The NYT published a story today on a poll that concluded that the United States is in the midst of an “isolationist streak” because Americans are largely opposed to sending the military to intervene in Syria and North Korea. We think this analysis misses the mark by confusing sensible prudence with isolationism.
First, here are some of the poll’s (PDF) more notable findings:
Interest in the Syrian conflict has waned, with 39 percent of those surveyed saying they are following the violence closely, a 15-percentage-point drop since a CBS News poll conducted in March, before the Boston Marathon bombings.
Sixty-two percent of the public say the United States has no responsibility to do something about the fighting in Syria between government forces and antigovernment groups, while just one-quarter disagree. Likewise, 56 percent say North Korea is a threat that can be contained for now without military action, just 15 percent say the situation requires immediate American action and 21 percent say the North is not a threat at all.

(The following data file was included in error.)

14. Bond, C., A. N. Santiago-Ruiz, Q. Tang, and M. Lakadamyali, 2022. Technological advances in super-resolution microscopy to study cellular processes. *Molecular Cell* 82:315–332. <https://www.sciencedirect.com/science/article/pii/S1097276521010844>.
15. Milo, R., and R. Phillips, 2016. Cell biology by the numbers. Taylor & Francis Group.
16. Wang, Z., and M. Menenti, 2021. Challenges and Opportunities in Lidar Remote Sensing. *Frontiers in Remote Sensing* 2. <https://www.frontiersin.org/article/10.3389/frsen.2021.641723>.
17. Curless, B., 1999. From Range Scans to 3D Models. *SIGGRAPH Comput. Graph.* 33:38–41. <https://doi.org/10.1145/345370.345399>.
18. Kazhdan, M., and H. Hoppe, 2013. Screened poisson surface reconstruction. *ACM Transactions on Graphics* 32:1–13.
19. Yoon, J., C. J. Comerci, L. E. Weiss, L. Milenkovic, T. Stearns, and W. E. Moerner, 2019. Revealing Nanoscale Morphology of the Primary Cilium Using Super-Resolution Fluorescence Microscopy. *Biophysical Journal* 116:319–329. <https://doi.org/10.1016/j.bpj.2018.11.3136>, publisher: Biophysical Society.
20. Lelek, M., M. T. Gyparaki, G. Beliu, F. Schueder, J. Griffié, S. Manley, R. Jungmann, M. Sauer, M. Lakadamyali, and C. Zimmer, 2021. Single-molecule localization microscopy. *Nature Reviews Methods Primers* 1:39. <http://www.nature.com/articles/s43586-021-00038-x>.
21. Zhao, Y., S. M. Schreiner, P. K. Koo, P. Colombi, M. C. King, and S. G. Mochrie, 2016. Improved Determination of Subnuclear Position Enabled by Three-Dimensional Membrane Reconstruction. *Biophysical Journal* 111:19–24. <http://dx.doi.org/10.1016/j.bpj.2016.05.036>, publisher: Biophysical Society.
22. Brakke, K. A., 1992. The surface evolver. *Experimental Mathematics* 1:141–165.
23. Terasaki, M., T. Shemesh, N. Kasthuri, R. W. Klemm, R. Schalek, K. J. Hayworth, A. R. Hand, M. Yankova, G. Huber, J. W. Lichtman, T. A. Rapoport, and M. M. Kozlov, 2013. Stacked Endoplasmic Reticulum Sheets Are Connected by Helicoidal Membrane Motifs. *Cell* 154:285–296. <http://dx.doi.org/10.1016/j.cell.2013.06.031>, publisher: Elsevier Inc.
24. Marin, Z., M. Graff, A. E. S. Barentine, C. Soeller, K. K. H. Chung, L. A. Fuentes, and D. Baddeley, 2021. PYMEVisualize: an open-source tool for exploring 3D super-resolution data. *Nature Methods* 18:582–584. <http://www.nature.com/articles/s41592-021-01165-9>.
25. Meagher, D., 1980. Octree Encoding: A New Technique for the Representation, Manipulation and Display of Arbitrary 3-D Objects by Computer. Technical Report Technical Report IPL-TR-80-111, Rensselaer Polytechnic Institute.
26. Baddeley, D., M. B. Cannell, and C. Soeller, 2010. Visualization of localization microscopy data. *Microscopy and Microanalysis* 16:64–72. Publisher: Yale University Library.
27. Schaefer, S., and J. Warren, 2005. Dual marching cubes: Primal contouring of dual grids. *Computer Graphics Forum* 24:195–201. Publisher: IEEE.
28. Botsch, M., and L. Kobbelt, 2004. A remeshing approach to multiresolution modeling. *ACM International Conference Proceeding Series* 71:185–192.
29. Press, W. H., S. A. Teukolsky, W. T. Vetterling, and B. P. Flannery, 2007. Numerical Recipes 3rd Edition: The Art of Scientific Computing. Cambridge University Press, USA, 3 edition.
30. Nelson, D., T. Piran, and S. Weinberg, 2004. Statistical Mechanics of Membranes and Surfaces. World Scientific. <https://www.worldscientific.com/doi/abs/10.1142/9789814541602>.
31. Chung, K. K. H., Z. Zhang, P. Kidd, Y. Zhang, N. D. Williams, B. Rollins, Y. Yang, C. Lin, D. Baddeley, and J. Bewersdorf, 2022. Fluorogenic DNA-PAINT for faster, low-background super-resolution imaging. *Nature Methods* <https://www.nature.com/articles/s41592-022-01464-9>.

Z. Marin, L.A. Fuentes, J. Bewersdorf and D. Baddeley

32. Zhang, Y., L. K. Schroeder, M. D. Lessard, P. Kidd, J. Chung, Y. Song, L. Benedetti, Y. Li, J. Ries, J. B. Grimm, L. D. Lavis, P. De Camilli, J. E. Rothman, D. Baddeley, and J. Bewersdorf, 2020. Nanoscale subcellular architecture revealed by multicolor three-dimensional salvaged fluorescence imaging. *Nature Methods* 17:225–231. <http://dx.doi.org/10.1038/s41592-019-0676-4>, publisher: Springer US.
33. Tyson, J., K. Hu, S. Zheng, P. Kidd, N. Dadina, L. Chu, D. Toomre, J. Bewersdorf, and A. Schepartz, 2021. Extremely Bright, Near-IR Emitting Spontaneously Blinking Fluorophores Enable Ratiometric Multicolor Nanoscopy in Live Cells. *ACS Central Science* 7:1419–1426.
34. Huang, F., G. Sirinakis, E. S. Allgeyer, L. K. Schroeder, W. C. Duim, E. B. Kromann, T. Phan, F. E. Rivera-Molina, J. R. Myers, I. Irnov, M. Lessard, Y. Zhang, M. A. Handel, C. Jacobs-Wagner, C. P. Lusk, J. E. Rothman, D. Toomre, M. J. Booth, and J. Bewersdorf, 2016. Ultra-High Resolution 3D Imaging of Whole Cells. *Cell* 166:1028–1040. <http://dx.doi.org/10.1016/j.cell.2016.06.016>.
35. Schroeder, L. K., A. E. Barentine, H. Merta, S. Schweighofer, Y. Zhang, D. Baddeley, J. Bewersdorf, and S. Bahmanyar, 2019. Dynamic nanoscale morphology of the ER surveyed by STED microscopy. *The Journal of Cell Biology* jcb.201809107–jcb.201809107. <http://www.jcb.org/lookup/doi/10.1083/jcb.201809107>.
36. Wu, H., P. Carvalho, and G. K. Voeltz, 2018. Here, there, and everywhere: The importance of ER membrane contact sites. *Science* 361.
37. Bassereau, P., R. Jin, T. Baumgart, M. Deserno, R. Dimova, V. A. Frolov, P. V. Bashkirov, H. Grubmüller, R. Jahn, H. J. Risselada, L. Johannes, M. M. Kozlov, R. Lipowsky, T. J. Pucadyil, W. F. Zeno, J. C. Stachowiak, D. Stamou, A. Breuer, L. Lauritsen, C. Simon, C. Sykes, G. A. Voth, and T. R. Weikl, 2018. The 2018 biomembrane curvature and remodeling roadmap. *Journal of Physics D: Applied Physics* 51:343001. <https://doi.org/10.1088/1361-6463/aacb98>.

Not wanting to send troops into a mess like Syria can hardly be considered a “isolationist streak.” The same goes for thinking that now is not the time for a war with North Korea. Nobody at Via Meadia is pushing to send troops to Syria or invade the DPRK. For that matter, we would rather strike a deal with Iran than send it airstrikes. But none of those positions in any way represents a “streak.”
Growing disinterest in Syria is less a reflection of isolationism than it is a perception that the conflict has turned into a stalemate. Certainly recent news reports have been highlighting the reality that this isn’t really a struggle between dictator-loving goons and noble freedom fighters. A conflict between two groups of thugs in a far-off land isn’t nearly as engaging. One suspects that interest in Egypt has also died down since the illusory hopes of the “Arab Spring” began to fade.
There’s also something the pollsters can’t measure but which is vitally important in understanding public opinion: national leaders, especially the President, aren’t currently using the bully pulpit to push intervention in either Syria or North Korea. So, quite understandably, the public doesn’t much want to intervene abroad with troops.
That doesn’t mean that the American public doesn’t want to intervene at all. As the poll points out, people are happy to use drones and other remote assets to achieve national goals in far-away lands. They favor watchful waiting, plus drone strikes where needed, over the two alternatives: rash interventions with ground troops and neglect of the outside world altogether.
[Drone image courtesy of Shutterstock]